Intrabone transplant provides full stemness of cord blood stem cells with fast hematopoietic recovery and low GVHD rate: results from a prospective study

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Abstract

Umbilical Cord Blood (UCB) represents a valid option for patients with hematopoietic malignancies lacking an HLA matched donor. To overcome the limitation of the low stem cell dose of UCB, the intrabone (IB) route has been proposed. We report the results of a prospective study on a poor-prognosis cohort of 23 patients receiving intrabone single UCB transplant (Clinicaltrials.gov NCT00886522). Cumulative incidence of hematological recovery at day 90 was 82 ± 9% (ANC > 0.5 × 109/L) and 70 ± 10% (platelet > 50 × 109/L) and correlated with CD34 + cells in the graft. NRM was 20 ±  9%. No severe aGVHD and only one extensive cGVHD occurred, with fast immune reconstitution. To test the hypothesis that the direct IB injection could affect the expression of stem cells regulatory pathways, CD34 + cells from BM aspirates at day + 10, + 20, + 30, processed in hypoxic conditions mimicking the BM-microenvironment (7%pO2), were studied for the expression of c-Mpl, Notch1 and CXCR4. We found that the expression of c-Mpl in CD34 + cells at day + 10 significantly correlated with hematological recovery. In conclusion, IB-UCB transplant success is associated with low incidence of GVHD and high-speed platelet recovery; intrabone route may preserve full hematopoietic stemness by direct delivery of UCB stem cells into the hypoxic HSC niche.

Introduction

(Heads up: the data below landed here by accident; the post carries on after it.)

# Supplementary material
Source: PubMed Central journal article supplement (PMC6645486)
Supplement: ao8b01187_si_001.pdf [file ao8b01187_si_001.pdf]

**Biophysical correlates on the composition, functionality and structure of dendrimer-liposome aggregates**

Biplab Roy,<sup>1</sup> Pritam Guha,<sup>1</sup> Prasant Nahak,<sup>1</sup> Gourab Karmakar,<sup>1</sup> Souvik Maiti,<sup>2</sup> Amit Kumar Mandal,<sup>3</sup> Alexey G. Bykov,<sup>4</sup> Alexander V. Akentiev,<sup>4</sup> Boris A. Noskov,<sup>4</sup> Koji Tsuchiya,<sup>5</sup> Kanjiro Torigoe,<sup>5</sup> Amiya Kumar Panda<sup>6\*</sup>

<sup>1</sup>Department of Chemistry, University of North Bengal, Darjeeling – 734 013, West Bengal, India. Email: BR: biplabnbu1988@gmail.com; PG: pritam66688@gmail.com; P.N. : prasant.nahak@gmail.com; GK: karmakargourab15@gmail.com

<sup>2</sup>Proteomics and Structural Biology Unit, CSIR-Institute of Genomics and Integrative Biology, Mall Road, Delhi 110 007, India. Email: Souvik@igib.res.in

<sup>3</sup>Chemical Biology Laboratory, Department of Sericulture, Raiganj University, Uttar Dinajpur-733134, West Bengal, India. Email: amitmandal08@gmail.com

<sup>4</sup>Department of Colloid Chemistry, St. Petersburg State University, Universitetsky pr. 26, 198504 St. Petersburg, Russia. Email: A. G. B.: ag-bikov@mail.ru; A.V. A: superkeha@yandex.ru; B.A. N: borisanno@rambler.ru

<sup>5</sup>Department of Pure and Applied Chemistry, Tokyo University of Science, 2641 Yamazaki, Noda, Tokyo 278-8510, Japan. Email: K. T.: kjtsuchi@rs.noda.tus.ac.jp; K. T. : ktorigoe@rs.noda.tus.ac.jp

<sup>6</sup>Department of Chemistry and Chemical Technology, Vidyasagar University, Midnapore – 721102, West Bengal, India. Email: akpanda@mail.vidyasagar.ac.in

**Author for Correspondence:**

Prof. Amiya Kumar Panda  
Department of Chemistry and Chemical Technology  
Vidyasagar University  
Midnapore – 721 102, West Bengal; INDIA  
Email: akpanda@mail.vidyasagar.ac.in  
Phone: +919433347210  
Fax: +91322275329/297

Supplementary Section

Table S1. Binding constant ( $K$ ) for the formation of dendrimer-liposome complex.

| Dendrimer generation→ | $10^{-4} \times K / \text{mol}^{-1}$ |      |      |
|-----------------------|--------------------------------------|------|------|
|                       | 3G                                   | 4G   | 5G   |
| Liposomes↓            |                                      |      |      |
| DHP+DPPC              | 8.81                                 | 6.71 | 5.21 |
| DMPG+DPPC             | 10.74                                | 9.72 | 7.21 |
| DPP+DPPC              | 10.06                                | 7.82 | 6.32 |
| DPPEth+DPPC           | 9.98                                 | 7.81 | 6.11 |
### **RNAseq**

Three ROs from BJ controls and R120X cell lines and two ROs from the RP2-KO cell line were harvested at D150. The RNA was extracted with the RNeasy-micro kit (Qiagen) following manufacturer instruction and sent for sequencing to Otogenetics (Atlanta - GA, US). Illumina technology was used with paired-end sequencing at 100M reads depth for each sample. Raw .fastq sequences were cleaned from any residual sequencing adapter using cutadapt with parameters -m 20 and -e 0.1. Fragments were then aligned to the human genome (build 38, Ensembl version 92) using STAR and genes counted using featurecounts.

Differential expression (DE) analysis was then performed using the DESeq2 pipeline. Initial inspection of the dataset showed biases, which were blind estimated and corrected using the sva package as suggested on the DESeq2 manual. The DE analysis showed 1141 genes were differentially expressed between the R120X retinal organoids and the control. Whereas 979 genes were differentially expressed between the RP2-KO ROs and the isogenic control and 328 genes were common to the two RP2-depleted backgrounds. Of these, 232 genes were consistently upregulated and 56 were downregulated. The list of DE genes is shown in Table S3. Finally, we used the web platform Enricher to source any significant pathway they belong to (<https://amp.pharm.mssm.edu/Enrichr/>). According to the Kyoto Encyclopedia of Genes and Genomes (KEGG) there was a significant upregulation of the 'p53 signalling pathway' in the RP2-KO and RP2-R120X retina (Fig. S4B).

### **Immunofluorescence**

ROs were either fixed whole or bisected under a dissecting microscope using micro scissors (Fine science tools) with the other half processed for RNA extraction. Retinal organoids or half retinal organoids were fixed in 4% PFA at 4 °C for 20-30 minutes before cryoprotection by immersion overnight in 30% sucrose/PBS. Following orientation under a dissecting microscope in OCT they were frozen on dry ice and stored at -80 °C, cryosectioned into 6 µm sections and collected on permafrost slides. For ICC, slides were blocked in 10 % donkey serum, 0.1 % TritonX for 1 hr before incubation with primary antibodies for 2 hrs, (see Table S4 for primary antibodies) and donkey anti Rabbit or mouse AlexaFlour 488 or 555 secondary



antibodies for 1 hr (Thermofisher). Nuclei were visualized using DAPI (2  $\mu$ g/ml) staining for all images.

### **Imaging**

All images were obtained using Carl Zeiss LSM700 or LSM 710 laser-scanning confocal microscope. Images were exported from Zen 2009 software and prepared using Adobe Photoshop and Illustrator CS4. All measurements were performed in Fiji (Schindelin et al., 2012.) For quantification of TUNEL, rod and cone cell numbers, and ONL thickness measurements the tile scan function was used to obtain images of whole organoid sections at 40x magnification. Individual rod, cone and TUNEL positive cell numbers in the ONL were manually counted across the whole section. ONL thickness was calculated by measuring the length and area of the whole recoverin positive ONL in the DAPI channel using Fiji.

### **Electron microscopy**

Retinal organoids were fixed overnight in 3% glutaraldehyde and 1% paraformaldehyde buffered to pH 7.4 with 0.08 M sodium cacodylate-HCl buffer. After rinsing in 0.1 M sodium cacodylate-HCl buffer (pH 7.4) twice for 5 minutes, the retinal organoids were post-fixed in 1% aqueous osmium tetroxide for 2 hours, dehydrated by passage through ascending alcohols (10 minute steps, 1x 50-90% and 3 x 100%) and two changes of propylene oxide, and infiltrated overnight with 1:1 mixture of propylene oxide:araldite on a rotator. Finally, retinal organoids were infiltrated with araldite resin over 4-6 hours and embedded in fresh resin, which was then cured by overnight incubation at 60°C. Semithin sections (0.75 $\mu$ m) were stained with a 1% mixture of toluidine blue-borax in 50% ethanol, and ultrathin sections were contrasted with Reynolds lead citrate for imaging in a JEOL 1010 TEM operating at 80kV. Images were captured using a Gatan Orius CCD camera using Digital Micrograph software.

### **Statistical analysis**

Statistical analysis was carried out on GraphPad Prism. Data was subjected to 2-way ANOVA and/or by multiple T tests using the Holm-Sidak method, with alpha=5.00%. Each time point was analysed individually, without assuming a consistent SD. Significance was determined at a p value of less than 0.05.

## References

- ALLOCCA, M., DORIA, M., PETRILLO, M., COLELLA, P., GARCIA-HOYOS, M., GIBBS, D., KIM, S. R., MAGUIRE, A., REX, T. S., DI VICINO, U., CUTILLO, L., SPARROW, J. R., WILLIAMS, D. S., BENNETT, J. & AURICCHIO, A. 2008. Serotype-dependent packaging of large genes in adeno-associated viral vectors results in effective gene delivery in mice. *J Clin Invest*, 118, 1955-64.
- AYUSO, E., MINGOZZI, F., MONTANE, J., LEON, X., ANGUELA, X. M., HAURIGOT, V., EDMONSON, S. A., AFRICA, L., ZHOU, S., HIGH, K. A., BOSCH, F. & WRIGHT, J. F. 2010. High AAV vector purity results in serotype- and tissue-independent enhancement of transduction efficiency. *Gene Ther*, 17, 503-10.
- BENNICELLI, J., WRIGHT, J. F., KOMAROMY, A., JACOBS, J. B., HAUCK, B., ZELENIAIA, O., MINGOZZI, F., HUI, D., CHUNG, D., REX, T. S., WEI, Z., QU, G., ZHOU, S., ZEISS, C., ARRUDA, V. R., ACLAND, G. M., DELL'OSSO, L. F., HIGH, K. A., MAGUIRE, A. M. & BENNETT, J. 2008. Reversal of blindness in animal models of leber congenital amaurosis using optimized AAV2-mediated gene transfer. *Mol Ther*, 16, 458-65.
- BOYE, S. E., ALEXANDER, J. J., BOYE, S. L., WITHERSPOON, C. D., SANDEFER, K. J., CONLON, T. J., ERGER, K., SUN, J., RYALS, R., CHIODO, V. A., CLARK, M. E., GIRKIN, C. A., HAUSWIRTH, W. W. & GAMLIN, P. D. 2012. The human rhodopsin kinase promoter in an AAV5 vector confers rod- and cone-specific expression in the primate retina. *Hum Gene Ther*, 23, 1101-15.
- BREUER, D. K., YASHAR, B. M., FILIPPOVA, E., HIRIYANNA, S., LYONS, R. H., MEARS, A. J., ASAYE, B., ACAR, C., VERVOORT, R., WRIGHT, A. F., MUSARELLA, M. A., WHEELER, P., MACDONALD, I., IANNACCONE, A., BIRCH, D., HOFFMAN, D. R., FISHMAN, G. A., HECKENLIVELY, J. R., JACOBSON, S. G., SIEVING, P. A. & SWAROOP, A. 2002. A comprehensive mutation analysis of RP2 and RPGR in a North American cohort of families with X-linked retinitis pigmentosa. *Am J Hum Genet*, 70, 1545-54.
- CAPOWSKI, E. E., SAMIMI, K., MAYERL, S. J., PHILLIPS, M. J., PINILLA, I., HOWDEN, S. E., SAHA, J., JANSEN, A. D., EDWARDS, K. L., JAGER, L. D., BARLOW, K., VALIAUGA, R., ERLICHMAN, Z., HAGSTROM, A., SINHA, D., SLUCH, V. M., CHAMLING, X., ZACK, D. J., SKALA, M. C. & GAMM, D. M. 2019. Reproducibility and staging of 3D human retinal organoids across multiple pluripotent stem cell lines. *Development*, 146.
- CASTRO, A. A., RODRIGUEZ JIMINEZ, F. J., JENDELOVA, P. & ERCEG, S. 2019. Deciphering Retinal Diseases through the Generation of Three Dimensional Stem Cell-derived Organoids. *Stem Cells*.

Umbilical Cord Blood (UCB) represents a valid option for patients needing an allotransplant but lacking a HLA matched donor. Despite the clear evidence of its efficient anti-leukemic effect [1], delayed engraftment with relatively high non-relapse mortality (NRM) remains the major obstacle to UCB transplant in the adult. Several strategies have been proposed to overcome this limitation, which is likely due to the low hematopoietic stem cell (HSC) dose. Double UCB transplant, one of the most popular option currently used to ameliorate the speed of engraftment, failed to demonstrate formal proof of superiority [2]. Further approaches emerged, such as ex-vivo UCB expansion by means of the administration of cytokines [3], Notch ligands [4], nicotinamide [5] or mesenchymal cells co-culture [6]. Factors other than the cell dose, such as HLA mismatches [7] and the presence of pre-transplant donor-specific anti-HLA antibodies [8], affect UCB engraftment. An alternative approach is to increase the seeding efficiency by bringing more cells to the physiologic place, i.e. the hematopoietic niche, as it occurs in direct intrabone (IB) injection of UCB [9]. IB transplant has been safely applied to adult patients with impressive effects on platelet recovery, which is a surrogate marker of transplant outcome. Speculatively, the injection of UCB HSC into the bone marrow (BM) exposes the cells directly to beneficial stimuli provided by the HSC-niche, such as components of the c-Mpl/TPO, Notch/Jagged1, CXCR4/SDF1 receptor/ligand systems [10,11,12], as well as low pO2 level [13]. In principle, all the above HSC niche cues potentially empower UCB-HSC capability to recover hematopoiesis [14, 15]. Here we report on a prospective clinical trial (NCT00886522) on patients with very advanced hematological malignancies who underwent allogeneic transplant with one UCB unit given via IB route. Moreover, we show evidence that c-mpl expression in post-transplant CD34 + cells associates with hematopoietic recovery after IB-UCB. Moreover, because we here found that the level of c-Mpl in CD34 + is higher under hypoxic conditions, we surmise that the direct injection of CD34 + in the hypoxic HSC niche may contribute to the success of the IB- procedure.